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Thursday, June 1 • 2:00pm - 2:30pm
(Book & Paper) The Story not Told: The Examination and Treatment of Edward Steichen's Oochens

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Edward Steichen (1879-1973) is best known as a photographer, but early in his career he was equally devoted to painting. Stylistically, his paintings related closely to his photographic output in their dark, atmospheric manner. In the early 1920's, however, Steichen began experimenting with a much bolder Modernist style that used flat planes of brightly colored geometric shapes. Steichen painted a series of 15 drawings depicting the Oochens, inhabitants of an imaginary republic, that were composed of three triangles following the Golden mean, the relationship between the extreme and mean ratio. Intended as a children's book, the Oochens were never completed or published. In 1923 Steichen had an epiphany and decided to abandon painting as a medium; he then systematically destroyed almost all of his Modernist paintings. Remarkably, the Oochens were spared and survived in his personal collection. Bequeathed to the National Gallery of Art, the Oochens varied in condition. The majority was stable, with only minor flaking, but three exhibited severe flaking and losses to the tempera paint layer. The Oochens required consolidation and an inpainting strategy that would match the matte appearance of the paint and be as reversible as possible. A technique was developed using toned microcellulose powder sprayed with an external mix airbrush, based on a process pioneered by Elissa O'Loughlin and further developed by Rebecca Pollack. Originally the cellulose powder was used to cover foxing spots and stains or as a paper fill. In this application, the cellulose powder was toned with fluid acrylics to match the media. The cellulose and acrylic slurry was sprayed on a base coat of methyl cellulose, forming a thin, pliable, self-adhesive film. The thin sheets of inpainting material were cut to shape, positioned, and adhered in place with de-ionized water. The inpainting fills were easily reversed with minimal moisture and left little residue behind when removed. Steichen's working methods and process were explored. His underdrawing materials and his use of a compass were observed. Steichen often created layers of opaque colors until he achieved the desired color relationships in the drawing. When possible, these underlayers were digitally reconstructed. As little is known about Steichen's materials from this period, scientific analysis was carried out to determine the paint binder and pigments, especially those in the flaking paint.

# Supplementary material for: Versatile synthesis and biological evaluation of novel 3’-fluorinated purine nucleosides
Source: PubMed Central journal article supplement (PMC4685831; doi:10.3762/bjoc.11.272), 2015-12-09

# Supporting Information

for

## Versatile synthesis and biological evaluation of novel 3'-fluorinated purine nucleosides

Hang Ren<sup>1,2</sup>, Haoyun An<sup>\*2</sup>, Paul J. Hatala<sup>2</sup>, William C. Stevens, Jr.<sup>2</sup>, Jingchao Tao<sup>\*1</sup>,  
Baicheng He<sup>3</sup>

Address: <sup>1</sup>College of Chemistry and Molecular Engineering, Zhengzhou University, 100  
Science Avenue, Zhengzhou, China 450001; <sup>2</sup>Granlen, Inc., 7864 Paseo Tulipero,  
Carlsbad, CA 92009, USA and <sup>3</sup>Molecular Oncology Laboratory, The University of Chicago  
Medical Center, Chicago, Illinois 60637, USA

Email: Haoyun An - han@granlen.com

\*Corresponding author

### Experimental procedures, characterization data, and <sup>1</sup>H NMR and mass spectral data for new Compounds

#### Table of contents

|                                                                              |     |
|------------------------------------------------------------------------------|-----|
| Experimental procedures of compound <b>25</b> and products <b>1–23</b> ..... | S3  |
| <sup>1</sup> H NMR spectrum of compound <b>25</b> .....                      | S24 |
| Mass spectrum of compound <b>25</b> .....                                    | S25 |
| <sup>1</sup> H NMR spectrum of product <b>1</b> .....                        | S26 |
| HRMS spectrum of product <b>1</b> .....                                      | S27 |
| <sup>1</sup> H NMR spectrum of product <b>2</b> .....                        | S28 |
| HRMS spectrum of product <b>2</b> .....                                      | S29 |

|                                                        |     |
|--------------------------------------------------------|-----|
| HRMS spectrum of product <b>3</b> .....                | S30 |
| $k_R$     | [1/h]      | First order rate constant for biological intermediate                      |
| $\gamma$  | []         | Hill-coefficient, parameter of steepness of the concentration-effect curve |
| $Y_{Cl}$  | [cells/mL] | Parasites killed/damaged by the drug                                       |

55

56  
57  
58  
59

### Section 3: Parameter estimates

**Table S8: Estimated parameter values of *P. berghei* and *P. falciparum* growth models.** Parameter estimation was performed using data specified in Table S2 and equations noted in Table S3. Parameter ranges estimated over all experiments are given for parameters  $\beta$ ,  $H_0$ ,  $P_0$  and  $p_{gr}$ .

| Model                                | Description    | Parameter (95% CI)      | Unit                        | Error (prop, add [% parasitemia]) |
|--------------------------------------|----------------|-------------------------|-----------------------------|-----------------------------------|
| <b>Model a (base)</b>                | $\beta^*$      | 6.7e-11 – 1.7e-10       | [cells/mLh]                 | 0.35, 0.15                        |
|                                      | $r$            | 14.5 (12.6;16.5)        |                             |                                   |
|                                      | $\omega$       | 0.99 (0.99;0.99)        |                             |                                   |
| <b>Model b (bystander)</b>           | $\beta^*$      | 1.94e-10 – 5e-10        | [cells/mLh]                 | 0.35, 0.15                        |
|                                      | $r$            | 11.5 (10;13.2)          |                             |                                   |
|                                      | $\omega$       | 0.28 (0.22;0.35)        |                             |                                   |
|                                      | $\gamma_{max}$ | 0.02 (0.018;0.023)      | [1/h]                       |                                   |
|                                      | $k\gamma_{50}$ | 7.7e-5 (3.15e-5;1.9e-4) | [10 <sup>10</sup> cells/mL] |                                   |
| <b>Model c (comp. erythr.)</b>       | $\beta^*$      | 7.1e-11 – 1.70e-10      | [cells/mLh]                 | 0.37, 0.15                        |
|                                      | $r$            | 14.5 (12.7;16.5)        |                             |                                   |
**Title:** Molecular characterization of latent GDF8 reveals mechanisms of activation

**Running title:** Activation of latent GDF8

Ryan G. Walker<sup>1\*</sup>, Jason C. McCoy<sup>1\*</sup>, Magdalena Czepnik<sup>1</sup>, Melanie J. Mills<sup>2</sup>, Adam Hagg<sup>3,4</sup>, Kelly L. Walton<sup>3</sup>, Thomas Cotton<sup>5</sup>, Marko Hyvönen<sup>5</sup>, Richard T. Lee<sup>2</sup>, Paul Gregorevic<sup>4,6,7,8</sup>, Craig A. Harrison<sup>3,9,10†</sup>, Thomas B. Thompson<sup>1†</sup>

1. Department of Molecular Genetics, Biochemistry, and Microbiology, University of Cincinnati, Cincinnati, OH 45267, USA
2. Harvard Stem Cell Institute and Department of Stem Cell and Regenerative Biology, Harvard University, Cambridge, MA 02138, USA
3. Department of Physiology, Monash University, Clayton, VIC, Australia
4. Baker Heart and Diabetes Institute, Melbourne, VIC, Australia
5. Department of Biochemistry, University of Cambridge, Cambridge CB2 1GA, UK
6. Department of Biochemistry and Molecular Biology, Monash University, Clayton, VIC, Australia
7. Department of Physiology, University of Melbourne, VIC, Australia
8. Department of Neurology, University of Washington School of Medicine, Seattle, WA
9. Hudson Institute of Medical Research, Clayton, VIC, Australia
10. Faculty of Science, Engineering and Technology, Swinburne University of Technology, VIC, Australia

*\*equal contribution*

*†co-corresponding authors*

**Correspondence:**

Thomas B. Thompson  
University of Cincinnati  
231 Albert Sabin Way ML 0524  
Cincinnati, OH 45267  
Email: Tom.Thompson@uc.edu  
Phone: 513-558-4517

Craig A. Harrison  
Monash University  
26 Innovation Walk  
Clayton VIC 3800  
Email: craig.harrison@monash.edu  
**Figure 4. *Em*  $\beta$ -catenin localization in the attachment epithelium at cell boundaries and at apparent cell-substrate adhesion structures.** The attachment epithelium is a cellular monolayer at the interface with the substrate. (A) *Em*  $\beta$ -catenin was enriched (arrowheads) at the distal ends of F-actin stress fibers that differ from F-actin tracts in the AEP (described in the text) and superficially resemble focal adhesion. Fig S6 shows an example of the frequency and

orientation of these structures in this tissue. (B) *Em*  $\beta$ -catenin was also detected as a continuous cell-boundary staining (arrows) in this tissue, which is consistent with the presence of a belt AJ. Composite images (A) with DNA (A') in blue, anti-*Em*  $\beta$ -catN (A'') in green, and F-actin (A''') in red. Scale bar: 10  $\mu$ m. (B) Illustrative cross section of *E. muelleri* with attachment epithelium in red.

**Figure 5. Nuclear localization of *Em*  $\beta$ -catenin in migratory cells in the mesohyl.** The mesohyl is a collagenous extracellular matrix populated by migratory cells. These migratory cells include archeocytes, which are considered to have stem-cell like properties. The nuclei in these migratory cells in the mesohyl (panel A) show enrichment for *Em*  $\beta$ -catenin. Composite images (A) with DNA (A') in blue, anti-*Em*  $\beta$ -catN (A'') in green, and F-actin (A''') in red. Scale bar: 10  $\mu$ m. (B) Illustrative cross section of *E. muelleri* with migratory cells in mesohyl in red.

avatar for Linda M. Owen

Linda M. Owen

Associate Paper Conservator, Baltimore Museum of Art
Linda Owen is on contract at the Baltimore Museum of Art and will become associate paper conservator on June 5. She was a contract paper conservator at the National Gallery of Art from 2009-2017 and has also held positions at the Walters Art Museum and the Intermuseum Conservation... Read More →


Kathryn Morales

Conservation Scientist, National Gallery of Art
Kathryn Morales has worked in the Scientific Research Department of the National Gallery of Art for fourteen years. Her focus is the study of works of art using XRF and microscopy, and her current research interest is microspectrophotometry of organic colorants. She graduated from... Read More →

Thursday June 1, 2017 2:00pm - 2:30pm CDT
Michigan 1A-B Concourse Level, East Tower